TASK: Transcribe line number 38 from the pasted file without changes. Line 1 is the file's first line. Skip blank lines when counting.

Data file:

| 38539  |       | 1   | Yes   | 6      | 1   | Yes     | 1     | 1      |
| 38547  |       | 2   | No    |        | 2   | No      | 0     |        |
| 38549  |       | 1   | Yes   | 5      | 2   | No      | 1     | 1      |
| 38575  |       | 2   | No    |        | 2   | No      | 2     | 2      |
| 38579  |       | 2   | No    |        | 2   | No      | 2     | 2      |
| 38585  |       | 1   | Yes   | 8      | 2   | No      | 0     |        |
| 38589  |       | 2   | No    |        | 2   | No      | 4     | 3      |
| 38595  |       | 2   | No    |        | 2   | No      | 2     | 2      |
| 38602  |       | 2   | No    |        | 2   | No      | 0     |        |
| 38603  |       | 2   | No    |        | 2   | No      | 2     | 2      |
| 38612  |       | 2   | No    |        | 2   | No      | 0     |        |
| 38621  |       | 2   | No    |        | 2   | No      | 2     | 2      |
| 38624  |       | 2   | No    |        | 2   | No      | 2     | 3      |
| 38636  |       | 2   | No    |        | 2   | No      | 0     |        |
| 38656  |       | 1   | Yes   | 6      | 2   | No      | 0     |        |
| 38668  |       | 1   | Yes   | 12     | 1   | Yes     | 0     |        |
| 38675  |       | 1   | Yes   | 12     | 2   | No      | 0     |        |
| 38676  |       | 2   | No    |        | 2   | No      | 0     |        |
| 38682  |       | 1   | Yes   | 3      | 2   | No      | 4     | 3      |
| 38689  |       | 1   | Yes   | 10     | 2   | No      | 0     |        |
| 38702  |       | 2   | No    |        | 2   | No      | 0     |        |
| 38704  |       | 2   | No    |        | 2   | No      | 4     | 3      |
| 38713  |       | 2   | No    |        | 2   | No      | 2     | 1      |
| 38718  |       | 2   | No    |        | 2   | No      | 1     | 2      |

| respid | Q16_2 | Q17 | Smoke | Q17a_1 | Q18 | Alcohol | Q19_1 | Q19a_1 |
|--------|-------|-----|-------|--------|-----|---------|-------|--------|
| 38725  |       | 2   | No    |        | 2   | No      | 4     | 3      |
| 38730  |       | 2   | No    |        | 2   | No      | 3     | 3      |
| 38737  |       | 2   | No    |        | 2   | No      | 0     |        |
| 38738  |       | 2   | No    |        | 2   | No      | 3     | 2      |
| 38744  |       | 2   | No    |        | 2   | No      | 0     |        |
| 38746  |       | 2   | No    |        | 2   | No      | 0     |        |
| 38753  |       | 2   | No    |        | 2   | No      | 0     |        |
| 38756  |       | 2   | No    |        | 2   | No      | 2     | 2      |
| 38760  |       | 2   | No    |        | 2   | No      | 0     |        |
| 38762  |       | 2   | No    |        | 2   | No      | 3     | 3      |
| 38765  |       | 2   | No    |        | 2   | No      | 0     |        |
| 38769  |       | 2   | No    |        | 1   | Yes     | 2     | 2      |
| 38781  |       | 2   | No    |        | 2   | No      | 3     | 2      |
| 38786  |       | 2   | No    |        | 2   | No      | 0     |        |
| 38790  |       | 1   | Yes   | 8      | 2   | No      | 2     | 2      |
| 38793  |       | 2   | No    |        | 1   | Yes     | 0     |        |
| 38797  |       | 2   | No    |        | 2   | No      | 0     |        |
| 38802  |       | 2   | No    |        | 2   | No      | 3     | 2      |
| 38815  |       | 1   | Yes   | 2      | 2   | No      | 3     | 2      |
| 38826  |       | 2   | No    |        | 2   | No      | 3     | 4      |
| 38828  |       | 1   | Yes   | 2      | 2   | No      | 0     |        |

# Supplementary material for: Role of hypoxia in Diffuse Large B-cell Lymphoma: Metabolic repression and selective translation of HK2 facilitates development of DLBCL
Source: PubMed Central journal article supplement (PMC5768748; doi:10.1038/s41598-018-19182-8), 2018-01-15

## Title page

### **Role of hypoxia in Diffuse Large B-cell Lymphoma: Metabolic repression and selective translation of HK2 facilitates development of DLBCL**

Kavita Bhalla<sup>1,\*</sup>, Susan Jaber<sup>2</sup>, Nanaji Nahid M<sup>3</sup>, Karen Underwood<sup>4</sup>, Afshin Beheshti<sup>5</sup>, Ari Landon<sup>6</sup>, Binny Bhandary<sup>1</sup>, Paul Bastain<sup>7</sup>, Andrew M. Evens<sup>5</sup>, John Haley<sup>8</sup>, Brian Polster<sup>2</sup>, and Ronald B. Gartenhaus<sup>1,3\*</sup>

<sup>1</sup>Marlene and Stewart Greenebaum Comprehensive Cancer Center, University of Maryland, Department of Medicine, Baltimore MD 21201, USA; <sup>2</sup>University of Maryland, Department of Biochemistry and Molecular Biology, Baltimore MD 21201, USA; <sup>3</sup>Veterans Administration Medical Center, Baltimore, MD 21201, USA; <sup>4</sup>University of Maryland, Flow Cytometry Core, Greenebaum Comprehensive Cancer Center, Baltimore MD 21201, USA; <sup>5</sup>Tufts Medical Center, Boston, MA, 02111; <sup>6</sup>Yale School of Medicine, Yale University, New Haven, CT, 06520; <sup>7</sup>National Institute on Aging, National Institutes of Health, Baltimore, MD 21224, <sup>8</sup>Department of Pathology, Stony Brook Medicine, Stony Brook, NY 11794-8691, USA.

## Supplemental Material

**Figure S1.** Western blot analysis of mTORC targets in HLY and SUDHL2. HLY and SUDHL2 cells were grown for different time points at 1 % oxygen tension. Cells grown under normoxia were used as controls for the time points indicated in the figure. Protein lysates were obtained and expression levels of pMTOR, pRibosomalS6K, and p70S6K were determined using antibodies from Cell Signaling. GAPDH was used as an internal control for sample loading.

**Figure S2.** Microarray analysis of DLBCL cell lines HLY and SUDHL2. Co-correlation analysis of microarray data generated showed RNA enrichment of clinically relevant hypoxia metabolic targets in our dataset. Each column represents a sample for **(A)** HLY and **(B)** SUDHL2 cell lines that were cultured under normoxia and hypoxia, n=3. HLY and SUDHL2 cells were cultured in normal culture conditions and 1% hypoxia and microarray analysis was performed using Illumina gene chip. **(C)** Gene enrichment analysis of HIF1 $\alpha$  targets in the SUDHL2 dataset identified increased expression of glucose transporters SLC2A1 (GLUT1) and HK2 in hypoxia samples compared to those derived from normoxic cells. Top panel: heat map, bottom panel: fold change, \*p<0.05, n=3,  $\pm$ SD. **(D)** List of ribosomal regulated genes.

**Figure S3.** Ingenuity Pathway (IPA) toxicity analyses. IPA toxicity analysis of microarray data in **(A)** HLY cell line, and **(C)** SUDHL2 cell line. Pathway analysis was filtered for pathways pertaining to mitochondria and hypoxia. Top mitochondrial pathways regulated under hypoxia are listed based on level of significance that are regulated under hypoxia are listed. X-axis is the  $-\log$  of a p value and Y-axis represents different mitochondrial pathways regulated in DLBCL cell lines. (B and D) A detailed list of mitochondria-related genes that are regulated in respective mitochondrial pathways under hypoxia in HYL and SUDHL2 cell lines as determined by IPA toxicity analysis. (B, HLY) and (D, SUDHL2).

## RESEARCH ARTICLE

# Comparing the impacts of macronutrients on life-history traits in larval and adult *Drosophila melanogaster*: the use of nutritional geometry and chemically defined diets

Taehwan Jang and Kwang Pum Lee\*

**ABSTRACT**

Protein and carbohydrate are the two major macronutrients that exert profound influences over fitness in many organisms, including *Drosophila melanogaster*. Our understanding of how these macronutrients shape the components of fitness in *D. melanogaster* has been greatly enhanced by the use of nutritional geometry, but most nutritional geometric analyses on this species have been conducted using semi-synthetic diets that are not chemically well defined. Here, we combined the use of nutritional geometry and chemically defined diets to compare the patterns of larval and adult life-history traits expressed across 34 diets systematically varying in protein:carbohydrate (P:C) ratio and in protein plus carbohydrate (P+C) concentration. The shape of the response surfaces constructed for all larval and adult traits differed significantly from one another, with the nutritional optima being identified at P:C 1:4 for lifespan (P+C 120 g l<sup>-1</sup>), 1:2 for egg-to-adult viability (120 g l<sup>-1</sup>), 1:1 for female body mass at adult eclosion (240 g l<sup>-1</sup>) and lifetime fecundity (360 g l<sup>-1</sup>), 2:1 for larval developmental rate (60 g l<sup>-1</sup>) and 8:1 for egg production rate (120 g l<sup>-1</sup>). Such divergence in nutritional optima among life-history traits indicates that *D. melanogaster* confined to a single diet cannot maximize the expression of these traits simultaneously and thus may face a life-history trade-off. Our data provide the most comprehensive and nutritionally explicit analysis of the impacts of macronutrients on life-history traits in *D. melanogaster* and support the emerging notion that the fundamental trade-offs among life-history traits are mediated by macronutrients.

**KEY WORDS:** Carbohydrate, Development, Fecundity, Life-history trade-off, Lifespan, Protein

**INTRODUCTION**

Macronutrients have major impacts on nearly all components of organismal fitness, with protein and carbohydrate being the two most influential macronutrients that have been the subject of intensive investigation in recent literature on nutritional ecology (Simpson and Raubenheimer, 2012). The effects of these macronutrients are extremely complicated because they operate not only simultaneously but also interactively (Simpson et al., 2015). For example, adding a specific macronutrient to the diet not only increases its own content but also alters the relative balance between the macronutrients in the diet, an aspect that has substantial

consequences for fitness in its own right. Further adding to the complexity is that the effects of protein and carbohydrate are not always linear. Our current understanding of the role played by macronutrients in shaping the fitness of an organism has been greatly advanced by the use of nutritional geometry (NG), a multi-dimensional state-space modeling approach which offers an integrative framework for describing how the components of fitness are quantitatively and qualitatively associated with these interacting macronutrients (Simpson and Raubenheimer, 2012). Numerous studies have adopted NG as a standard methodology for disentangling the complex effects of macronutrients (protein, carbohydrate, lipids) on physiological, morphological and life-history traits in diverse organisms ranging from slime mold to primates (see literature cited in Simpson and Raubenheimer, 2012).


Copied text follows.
| 38769  |       | 2   | No    |        | 1   | Yes     | 2     | 2      |